Security researchers in Israel recently published research on a hardware-based attack on smartphones that can obtain the cryptographic keys used by OpenSSL to protect high-value assets used by the device. Both Android and older iOS systems are vulnerable to this exploit.
While listening to the electromagnetic radiation patterns of PCs has long been known as a potential vulnerability, this is the first time such an approach has been implemented for smartphones. In this exploit, an attacker can measure electromagnetic radiation and power consumption in a phone using an inexpensive magnetic probe or makeshift USB reader. These readings fluctuate in ways that depend on key information.
How It Works
The algorithm under attack is called the Elliptic Curve Digital Signature Algorithm (ECDSA), a digital signature algorithm used in many applications.
The technique involves signal processing and a lattice-based algorithm for recovering the secret signing key. The lattice aggregates partial information discovered from a few thousand randomized signing operations.
What Systems Are Vulnerable?
Researchers reported that several systems are vulnerable to these OpenSSL attacks. For example, OpenSSL 1.0.x is vulnerable except when the library uses an alternative implementation for some elliptic curves. OpenSSL 1.1.x is also vulnerable with minor exceptions.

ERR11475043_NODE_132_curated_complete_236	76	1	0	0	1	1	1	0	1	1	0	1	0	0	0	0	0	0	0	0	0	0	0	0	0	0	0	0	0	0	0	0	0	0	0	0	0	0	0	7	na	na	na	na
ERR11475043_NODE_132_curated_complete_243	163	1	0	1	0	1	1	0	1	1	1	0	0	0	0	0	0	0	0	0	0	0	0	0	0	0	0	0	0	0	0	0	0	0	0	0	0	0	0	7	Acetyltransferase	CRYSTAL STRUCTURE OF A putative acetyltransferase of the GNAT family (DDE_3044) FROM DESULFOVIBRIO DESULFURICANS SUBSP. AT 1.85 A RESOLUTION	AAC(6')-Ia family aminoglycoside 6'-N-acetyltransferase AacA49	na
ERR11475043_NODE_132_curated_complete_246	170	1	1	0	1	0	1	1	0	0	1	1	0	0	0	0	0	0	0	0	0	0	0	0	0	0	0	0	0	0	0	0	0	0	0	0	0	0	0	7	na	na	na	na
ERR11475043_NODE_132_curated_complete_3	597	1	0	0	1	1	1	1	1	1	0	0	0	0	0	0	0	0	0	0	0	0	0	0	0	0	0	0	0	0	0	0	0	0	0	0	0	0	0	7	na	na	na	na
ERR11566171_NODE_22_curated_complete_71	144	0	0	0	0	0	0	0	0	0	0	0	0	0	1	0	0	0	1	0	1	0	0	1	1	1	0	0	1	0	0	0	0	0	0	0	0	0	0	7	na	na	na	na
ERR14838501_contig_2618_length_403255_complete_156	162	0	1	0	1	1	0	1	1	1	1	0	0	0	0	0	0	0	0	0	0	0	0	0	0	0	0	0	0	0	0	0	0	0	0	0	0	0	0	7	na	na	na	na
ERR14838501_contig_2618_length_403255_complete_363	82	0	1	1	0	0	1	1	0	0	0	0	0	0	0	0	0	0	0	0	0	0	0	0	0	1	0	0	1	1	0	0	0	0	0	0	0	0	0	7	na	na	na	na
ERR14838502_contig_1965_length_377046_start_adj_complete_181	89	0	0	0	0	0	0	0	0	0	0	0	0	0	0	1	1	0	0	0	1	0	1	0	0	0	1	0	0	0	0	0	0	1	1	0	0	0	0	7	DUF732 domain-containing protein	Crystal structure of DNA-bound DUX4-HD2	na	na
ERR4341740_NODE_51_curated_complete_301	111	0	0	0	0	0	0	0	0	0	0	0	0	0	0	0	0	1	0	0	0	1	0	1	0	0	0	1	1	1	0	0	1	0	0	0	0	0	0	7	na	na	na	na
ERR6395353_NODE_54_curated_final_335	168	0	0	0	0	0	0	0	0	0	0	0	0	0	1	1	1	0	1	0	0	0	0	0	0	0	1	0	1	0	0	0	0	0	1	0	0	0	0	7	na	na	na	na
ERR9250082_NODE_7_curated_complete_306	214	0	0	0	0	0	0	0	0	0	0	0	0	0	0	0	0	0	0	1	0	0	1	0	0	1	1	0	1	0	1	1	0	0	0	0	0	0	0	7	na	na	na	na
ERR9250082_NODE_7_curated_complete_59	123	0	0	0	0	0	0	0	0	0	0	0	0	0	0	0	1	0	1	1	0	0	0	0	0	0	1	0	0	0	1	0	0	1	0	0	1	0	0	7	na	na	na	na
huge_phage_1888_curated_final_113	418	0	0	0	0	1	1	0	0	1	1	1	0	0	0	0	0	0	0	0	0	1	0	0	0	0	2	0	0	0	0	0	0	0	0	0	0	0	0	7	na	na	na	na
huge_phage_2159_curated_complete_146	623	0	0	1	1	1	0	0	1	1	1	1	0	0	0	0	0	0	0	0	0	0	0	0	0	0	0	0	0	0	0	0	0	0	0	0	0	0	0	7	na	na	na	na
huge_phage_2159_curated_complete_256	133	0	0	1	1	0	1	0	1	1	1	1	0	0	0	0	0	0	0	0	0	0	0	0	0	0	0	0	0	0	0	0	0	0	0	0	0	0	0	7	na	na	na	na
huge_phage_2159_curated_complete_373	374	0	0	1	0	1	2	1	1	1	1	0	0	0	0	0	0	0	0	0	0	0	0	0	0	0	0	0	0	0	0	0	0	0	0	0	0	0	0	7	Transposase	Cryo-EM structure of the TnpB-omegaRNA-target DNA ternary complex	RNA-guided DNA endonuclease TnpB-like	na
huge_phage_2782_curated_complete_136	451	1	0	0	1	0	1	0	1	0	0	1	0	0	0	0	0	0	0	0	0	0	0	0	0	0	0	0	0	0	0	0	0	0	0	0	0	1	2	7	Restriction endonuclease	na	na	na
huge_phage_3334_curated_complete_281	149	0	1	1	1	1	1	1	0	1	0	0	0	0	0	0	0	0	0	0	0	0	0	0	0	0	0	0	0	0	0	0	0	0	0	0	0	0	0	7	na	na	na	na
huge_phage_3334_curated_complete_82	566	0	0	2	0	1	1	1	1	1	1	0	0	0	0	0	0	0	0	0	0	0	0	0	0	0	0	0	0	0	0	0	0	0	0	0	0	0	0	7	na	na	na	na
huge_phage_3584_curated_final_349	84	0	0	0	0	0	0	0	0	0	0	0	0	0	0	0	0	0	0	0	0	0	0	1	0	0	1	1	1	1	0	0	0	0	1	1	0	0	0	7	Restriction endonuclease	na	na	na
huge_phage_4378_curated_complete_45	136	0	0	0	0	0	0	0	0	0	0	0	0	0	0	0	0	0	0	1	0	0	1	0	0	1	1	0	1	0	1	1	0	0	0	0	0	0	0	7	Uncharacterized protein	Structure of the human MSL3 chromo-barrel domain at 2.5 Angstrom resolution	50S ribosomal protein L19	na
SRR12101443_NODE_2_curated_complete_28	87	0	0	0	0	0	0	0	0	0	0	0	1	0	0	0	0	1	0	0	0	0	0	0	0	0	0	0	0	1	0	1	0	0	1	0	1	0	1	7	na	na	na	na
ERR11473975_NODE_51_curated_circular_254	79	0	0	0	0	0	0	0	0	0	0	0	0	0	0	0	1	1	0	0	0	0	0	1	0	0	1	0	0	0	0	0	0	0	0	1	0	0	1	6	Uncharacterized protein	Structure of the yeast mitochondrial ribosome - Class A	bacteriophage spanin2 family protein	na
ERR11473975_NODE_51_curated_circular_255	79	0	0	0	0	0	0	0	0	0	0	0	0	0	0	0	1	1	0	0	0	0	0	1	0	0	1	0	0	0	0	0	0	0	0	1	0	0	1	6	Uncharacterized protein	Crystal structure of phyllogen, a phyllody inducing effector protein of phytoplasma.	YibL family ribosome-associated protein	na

OpenSSL’s developers told researchers that “hardware side-channel attacks are not in OpenSSL’s threat model,” so no updates are planned to mitigate the attacks. This could be a major problem for the crypto library since it is so widely used.
But it’s not only OpenSSL that has problems: Researchers found that iOS 7.1.2-8 is vulnerable. However, iOS 9.x has a different crypto mechanism and shows no sign of the vulnerability.
CoreBitcoin is also vulnerable. When contacted by the researchers before the paper was made public, the developers expressed their intention to switch to the more secure library in the future. As an alternative, the latest version of Bitcoin Core, which was released in February 2015, is not vulnerable.
While this particular research did not extend its testing to Android, other independent works have. A recent paper and RSA Conference presentation disclosed that Android’s version of BouncyCastle is vulnerable.
OpenSSL Key Protection
The major takeaway here is to be aware that this attack, whether done by a magnetic loop or a USB device, is possible. While proximity is required for it to succeed, the range may be extended with sensitive equipment. Knowing that such an exploit is possible may just be enough to avoid the situations that enable it.